Fighting for the French Foreign Legion

Memoirs of a Scottish Legionnaire

By Alex Lochrie

front cover - Fighting for the French Foreign Legion

Mention of the French Foreign Legion tends to conjure up thoughts of isolated fortresses in the desert defended against hordes of attacking tribesmen by tough, rugged men, each with some private motivation beyond simply serving their unit. Obviously, life in the modern Legion is very different from this and it was with great anticipation that I read "Fighting for the French Foreign Legion: Memoirs of a Scottish Legionnaire" by Alex Lochrie. I hoped that my preconceptions would be dispelled or confirmed by someone who has been there and done it and I was not disappointed.

Having spent a successful ten years as a police officer, a combination of circumstances resulted in the author attempting suicide on Troon Beach. With the failure of this attempt came the stark realisation that a dramatic change was required and he headed for France to start a new life. Once there, a chance encounter with a pair of Legionnaires on leave persuaded the author that the French Foreign Legion may offer the combination of excitement and direction that his life at that time had been missing. There follows a personal account of selection, training and subsequent deployment with the REP, the 2nd Parachute Regiment of the Legion, to Central Africa, Iraq and finally Sarajevo.

The chapters on selection and training give a fascinating glimpse of the mechanics of the Legion. Truly this is not an environment for the faint-hearted and the author confirms most people's notion that the Legion is tough and uncompromising, even in comparison with military life in general. Moving on to the author's deployment in Central Africa and then Iraq, further insight is gained into the operation of the Legion and the perception that it is indeed an elite force.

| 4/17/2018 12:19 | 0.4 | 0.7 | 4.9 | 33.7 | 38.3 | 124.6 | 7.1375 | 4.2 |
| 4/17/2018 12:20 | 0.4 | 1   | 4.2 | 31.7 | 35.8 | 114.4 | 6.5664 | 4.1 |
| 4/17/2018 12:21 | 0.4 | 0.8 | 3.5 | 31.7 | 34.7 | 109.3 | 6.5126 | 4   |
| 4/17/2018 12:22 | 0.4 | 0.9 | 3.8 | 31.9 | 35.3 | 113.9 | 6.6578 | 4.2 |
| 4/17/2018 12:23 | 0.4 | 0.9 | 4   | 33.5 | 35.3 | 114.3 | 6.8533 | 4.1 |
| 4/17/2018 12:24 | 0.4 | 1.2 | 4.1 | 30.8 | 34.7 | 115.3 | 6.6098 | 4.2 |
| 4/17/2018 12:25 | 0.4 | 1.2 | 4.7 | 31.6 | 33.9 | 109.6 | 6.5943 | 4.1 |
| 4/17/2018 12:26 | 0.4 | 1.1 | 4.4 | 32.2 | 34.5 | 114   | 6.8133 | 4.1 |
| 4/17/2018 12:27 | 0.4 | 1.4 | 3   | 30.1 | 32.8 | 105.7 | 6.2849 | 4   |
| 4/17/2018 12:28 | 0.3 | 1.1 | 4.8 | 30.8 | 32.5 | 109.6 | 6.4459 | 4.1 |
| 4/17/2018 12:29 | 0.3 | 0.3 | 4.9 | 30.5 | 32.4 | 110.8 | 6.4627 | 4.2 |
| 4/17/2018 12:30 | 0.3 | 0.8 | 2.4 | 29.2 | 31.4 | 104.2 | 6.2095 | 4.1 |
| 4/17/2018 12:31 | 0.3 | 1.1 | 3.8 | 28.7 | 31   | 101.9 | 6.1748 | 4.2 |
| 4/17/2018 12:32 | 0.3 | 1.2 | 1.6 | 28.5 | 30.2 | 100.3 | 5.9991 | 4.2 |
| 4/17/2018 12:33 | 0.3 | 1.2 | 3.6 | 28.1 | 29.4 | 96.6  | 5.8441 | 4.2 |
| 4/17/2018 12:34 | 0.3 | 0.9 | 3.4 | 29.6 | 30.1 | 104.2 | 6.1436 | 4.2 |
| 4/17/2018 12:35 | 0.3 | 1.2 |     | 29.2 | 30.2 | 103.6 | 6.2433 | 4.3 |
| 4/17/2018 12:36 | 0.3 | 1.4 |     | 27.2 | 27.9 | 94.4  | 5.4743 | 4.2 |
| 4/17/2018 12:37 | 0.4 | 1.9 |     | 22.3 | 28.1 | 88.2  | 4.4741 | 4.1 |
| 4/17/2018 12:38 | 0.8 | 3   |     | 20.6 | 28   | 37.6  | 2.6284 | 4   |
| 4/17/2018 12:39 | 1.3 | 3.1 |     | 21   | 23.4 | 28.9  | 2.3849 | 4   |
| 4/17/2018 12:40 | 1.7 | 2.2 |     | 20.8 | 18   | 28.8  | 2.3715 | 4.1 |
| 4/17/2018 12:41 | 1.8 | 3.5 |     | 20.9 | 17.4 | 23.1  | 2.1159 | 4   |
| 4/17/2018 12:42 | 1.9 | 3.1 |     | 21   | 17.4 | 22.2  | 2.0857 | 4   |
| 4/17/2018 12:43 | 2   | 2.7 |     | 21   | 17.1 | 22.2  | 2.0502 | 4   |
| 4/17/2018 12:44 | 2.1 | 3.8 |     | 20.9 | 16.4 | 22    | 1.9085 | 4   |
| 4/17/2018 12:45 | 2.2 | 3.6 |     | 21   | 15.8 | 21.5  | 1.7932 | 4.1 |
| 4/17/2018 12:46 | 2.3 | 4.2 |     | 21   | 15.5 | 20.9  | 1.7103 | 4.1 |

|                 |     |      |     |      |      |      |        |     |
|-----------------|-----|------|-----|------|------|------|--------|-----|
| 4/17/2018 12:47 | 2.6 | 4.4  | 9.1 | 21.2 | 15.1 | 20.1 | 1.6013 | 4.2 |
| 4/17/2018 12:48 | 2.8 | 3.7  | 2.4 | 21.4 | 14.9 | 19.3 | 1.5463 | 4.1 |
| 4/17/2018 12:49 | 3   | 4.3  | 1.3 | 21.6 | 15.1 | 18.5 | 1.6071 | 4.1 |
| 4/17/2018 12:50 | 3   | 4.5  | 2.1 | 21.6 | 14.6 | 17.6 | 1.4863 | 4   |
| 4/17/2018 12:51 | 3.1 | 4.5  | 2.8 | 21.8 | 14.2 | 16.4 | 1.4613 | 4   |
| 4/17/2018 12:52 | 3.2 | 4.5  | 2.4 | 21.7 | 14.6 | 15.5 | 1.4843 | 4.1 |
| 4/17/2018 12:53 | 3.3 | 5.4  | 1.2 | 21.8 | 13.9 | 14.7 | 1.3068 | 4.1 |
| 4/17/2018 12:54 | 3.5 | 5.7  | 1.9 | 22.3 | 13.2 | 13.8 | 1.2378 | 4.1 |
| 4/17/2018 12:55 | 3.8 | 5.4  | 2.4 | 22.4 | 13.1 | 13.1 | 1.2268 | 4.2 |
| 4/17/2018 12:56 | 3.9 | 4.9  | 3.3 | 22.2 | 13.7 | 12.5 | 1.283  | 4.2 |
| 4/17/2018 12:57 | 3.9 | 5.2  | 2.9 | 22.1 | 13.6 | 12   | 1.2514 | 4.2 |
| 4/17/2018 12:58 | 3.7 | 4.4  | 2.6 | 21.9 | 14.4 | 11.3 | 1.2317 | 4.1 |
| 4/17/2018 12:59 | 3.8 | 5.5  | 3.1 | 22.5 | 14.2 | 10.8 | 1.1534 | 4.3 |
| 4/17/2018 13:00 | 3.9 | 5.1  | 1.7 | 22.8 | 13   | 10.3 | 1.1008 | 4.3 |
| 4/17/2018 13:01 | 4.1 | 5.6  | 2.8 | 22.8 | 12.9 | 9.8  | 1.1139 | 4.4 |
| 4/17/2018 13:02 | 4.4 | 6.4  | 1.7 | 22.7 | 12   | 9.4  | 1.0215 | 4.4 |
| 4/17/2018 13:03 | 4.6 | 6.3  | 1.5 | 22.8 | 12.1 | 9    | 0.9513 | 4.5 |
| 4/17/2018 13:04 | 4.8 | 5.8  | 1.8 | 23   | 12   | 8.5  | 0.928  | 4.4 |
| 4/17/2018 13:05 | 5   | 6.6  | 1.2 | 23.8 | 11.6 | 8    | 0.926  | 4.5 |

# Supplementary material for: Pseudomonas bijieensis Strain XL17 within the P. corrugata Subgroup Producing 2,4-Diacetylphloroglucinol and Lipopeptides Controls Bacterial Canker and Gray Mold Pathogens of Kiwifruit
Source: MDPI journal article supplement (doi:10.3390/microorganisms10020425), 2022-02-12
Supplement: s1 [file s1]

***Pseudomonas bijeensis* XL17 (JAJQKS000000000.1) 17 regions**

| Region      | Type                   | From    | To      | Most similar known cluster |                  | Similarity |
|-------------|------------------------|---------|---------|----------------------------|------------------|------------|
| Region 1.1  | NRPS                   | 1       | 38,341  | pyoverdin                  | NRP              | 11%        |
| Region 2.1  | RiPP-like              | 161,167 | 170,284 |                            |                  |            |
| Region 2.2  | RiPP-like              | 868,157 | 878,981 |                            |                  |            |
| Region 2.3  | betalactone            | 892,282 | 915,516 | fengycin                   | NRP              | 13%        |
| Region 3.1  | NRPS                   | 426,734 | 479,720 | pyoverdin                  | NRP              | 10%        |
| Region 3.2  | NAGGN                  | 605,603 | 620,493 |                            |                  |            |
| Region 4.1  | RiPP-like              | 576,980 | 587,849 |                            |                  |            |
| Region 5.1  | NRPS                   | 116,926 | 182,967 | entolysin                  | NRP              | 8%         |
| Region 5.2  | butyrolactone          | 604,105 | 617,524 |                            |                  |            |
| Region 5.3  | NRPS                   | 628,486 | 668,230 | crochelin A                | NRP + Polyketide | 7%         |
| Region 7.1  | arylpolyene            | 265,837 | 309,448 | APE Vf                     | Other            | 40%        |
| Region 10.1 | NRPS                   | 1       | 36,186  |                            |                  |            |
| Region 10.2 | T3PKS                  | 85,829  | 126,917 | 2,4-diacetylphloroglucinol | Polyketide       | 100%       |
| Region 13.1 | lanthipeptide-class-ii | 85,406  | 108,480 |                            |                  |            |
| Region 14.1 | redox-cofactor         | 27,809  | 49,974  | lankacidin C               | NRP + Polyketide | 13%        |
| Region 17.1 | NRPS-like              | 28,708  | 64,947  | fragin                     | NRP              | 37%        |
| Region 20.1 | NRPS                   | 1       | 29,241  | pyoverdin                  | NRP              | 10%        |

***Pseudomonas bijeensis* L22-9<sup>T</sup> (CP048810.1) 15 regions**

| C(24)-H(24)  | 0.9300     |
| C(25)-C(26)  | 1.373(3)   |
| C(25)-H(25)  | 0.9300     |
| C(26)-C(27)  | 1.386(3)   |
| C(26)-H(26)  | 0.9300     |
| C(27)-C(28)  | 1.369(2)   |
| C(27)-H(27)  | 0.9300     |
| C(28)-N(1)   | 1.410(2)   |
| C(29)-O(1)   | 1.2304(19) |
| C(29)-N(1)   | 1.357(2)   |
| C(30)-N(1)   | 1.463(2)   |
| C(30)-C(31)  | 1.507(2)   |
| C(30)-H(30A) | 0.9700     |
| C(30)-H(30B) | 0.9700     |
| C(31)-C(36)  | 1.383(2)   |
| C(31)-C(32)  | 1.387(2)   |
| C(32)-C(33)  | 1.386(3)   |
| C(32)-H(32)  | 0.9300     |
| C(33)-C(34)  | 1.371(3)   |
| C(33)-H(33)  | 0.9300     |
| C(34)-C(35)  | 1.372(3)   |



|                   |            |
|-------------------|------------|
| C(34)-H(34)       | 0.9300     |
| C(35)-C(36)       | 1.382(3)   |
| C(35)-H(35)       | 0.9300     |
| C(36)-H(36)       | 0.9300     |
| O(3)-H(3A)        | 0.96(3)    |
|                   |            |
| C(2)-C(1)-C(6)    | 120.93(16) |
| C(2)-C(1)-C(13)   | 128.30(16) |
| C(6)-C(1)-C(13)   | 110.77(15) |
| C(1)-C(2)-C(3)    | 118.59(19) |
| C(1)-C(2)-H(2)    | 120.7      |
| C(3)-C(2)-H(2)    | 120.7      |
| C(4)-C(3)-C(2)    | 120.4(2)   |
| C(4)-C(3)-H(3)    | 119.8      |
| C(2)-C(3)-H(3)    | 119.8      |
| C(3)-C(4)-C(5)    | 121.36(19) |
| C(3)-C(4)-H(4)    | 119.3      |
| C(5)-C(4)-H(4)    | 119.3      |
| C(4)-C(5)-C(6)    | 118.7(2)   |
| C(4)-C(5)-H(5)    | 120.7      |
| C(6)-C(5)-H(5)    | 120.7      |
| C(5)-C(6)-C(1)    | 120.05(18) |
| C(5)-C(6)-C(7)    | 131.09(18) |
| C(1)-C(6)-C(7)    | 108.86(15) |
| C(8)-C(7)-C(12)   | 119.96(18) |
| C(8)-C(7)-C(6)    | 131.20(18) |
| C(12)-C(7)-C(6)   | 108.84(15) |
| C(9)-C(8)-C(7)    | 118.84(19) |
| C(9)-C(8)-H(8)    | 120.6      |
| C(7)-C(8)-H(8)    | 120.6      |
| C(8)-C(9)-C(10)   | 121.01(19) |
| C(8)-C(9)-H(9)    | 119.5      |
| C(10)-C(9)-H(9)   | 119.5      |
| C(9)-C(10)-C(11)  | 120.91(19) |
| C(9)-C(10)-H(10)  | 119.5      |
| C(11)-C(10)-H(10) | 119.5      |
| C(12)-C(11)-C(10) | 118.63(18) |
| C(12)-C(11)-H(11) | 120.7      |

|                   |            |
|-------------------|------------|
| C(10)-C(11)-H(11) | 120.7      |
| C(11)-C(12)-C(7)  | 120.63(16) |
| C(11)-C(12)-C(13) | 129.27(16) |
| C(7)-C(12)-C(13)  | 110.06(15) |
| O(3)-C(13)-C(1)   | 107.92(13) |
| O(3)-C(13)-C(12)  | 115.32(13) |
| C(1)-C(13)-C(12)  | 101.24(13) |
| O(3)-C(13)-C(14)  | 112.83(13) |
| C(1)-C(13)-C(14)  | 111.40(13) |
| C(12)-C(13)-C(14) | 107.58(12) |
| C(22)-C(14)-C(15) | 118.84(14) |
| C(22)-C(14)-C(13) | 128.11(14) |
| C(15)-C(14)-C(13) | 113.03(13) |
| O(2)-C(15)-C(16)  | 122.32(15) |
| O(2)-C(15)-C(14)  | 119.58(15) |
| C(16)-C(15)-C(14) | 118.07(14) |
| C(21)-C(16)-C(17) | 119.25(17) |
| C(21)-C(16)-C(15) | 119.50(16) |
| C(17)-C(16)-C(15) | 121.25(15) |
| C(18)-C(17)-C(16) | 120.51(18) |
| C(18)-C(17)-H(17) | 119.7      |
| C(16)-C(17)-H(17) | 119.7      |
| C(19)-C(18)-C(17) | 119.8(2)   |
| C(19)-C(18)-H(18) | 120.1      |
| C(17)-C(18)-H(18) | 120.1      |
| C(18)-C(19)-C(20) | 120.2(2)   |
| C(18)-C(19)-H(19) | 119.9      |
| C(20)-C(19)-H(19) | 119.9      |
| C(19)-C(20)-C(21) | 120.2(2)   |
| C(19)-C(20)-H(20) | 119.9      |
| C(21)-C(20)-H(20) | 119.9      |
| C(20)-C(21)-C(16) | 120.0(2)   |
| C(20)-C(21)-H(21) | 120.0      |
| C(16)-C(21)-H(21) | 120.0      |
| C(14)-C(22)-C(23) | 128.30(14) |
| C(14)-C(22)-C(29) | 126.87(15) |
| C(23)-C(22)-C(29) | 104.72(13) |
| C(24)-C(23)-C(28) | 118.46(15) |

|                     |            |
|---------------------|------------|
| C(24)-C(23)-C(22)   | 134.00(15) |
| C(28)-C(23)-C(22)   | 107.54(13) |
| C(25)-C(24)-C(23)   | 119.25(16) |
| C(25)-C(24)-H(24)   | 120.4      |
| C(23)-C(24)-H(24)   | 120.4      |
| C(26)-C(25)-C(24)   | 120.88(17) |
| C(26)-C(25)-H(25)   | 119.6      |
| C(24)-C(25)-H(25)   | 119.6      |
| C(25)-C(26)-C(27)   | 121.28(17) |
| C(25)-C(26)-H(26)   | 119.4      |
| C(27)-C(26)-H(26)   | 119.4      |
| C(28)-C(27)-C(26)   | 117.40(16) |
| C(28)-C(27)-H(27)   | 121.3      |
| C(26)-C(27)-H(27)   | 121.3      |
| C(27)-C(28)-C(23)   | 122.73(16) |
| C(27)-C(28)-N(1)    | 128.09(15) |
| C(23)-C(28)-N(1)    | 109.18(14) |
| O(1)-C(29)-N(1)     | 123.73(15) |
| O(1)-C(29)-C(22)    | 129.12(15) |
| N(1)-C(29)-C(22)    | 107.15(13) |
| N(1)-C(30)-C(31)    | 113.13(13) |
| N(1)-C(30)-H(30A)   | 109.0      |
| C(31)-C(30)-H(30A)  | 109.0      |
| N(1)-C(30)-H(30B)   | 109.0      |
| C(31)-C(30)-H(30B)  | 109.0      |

However there is a definite shift in gear in the chapters relating the Legion's participation in the UN peacekeeping operation in Sarajevo, both in terms of the level of activity and the author's description of events. Whereas earlier chapters simply recount episodes that he deemed interesting or entertaining, the reader is left in no doubt as to the author's views on the political situation surrounding the Bosnian conflict and the media's reporting of events. He pulls no punches when expressing his opinions on the various politicians, military chiefs and reporters with whom he had dealings. At the same time his loyalty to his unit, his comrades and his immediate superiors is never in doubt. One feels that this is an attitude shared by the majority of service personnel who risk their lives in such operations.

As clearly stated by the author, this book is not intended as a recruitment advert for the Legion. Rather, it is an honest and fascinating account of one man's experience in arguably one of the world's toughest military units. It certainly won't tempt me to make the trip to the Legion's recruiting office but it has given me the incentive to go and learn more about its history and traditions. In that case I'd say that for Mr Lochrie, this has been a been a job well done.

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